Denver, for all its efforts to improve its transportation options (and the city’s light-rail network in particular has grown dramatically from five miles of track in the early 1990s to a projected 122 miles by 2020 or so), is still, like many medium-sized American cities, oriented toward the automobile.
It is no surprise then that Union Station, the city’s transportation hub from the long-gone American railroad era, was an underused shell of its once grand self. This, thankfully, has begun to change with the recently completed renovation of the historic building located at the terminus of 17th Street in downtown. Last Friday, I met some friends for drinks at the Terminal Bar. It was my second time meeting someone there in the past two weeks. These two visits are just shy of my maybe four or five times inside Union Station in the past fifteen years. And I worked downtown all that time!
So, what’s changed? People. That’s what. Union Station was always a lovely building but Union Station is busy now. And at the center of it all is the idea that the future of transportation in this city shall focus on how best to move people about the metro region rather than primarily automobiles. The most significant change that sparked the station’s rediscovery is that the metro Denver Regional Transportation District, as part of a multi-modal transportation plan, has completely reconfigured and consolidated the major downtown transit activities in and around Union Station. It gets better. In about eighteen months, the rail corridor connecting Denver International Airport to downtown will open. Ah, rapid train service from an airport into downtown, one of my long-held threshold tests for big-time cityness. Then, eventually, Union Station will serve as the main connection point for the metro region’s entire northern transit system.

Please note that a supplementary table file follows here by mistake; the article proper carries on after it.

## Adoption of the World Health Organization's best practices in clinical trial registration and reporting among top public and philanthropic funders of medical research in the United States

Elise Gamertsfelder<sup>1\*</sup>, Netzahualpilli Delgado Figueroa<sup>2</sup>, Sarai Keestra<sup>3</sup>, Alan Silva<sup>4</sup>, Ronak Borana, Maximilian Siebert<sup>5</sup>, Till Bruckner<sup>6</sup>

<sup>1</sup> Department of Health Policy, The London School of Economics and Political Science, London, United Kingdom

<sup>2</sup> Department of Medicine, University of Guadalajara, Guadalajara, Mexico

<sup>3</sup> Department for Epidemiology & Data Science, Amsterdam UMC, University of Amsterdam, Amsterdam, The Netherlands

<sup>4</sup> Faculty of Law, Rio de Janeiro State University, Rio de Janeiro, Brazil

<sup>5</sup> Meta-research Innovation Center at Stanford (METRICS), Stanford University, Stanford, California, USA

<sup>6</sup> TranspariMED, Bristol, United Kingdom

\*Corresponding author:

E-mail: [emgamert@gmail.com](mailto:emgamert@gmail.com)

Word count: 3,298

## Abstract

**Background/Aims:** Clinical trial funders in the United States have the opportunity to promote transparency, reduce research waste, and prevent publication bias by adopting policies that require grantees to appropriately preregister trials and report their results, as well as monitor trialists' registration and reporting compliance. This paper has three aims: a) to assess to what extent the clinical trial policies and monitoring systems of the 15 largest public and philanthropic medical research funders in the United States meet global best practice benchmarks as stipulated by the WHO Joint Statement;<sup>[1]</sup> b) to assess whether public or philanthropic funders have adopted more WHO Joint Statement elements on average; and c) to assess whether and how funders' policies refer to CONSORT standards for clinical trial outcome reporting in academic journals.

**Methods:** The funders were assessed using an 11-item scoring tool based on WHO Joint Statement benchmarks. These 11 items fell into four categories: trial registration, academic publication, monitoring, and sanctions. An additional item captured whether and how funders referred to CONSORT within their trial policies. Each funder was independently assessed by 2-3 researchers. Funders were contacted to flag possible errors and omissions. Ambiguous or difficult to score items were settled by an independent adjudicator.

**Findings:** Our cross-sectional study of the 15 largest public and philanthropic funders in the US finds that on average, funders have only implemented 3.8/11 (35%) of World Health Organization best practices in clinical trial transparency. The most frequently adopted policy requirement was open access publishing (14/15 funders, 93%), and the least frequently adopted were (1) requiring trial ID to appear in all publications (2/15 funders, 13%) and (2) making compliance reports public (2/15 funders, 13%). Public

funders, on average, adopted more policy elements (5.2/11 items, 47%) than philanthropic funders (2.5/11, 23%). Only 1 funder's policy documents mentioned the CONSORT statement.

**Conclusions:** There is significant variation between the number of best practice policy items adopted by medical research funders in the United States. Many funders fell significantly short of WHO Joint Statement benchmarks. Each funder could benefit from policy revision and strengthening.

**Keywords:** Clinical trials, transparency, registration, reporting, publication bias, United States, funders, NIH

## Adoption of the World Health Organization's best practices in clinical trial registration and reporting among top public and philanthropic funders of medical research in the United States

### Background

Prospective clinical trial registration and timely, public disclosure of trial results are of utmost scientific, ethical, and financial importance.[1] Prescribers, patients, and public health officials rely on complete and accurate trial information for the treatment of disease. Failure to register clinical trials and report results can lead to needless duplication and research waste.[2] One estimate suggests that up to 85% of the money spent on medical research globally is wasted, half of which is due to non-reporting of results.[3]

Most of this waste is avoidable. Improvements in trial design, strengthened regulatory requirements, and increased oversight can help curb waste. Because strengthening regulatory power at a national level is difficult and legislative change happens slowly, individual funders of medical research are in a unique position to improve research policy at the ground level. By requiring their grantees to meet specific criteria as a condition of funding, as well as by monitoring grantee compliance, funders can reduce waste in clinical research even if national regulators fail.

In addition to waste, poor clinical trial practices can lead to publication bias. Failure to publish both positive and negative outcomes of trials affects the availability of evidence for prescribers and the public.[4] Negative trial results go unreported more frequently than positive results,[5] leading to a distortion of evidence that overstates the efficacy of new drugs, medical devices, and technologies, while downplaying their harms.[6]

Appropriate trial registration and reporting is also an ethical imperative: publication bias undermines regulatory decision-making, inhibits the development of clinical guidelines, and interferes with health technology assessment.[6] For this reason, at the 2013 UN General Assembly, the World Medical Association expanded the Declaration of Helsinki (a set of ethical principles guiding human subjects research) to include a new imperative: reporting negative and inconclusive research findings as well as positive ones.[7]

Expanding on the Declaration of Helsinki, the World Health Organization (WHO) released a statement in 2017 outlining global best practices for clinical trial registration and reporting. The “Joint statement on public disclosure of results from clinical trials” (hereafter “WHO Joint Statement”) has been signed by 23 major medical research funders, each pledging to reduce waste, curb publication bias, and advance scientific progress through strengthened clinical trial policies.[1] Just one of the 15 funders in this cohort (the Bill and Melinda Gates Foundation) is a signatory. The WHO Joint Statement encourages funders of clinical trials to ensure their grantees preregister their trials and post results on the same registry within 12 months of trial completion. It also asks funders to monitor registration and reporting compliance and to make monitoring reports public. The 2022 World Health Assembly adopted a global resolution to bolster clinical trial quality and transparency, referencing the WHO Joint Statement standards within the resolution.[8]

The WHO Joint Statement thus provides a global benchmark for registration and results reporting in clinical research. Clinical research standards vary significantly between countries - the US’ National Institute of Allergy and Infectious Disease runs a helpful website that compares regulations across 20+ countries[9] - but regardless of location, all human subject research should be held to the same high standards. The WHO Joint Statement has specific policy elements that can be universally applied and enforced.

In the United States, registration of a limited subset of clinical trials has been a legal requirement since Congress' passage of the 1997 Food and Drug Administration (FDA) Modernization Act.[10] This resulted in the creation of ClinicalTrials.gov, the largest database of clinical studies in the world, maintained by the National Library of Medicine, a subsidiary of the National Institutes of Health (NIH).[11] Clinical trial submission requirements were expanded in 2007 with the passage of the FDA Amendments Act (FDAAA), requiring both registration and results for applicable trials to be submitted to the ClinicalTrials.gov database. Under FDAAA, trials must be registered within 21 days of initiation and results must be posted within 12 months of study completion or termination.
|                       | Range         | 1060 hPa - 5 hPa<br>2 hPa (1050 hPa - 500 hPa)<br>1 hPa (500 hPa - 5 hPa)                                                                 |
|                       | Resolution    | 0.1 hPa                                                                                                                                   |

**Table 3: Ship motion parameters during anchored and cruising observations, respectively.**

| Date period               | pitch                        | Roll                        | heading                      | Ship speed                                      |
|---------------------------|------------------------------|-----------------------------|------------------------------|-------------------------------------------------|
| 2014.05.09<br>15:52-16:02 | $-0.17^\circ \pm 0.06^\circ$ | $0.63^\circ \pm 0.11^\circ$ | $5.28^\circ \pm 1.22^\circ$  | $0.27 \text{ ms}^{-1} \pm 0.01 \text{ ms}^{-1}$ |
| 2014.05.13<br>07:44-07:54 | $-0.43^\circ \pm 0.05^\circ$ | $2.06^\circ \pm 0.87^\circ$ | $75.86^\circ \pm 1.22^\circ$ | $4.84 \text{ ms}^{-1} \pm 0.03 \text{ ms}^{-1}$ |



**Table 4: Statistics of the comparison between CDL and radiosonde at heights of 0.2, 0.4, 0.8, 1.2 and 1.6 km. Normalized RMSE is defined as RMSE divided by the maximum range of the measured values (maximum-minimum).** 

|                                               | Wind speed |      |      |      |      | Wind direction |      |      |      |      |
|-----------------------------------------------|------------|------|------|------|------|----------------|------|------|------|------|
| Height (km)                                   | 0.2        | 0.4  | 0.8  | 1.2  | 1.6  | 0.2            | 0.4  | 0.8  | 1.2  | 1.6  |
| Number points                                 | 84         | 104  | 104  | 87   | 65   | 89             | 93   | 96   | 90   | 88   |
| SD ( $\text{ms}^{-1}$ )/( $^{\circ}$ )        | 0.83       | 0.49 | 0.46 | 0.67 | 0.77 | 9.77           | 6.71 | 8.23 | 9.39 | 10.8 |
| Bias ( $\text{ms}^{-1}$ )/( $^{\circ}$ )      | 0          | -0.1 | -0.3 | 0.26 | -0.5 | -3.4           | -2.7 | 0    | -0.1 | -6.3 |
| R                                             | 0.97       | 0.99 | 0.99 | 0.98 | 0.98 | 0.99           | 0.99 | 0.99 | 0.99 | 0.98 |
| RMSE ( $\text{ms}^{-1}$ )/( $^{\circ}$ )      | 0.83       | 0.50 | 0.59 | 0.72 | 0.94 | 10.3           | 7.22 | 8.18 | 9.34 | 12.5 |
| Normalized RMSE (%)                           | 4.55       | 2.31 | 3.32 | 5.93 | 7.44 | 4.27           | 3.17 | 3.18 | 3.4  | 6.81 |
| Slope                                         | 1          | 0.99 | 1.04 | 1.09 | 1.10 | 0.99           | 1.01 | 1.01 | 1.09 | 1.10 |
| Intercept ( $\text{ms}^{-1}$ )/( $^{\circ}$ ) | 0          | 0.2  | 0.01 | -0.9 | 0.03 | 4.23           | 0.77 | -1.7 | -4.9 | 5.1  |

This – the rebirth of Union Station – is only beginning. The real rebirth, for American cities at least, is the return to people-centric cities. I’m so glad Denver is helping to lead the way.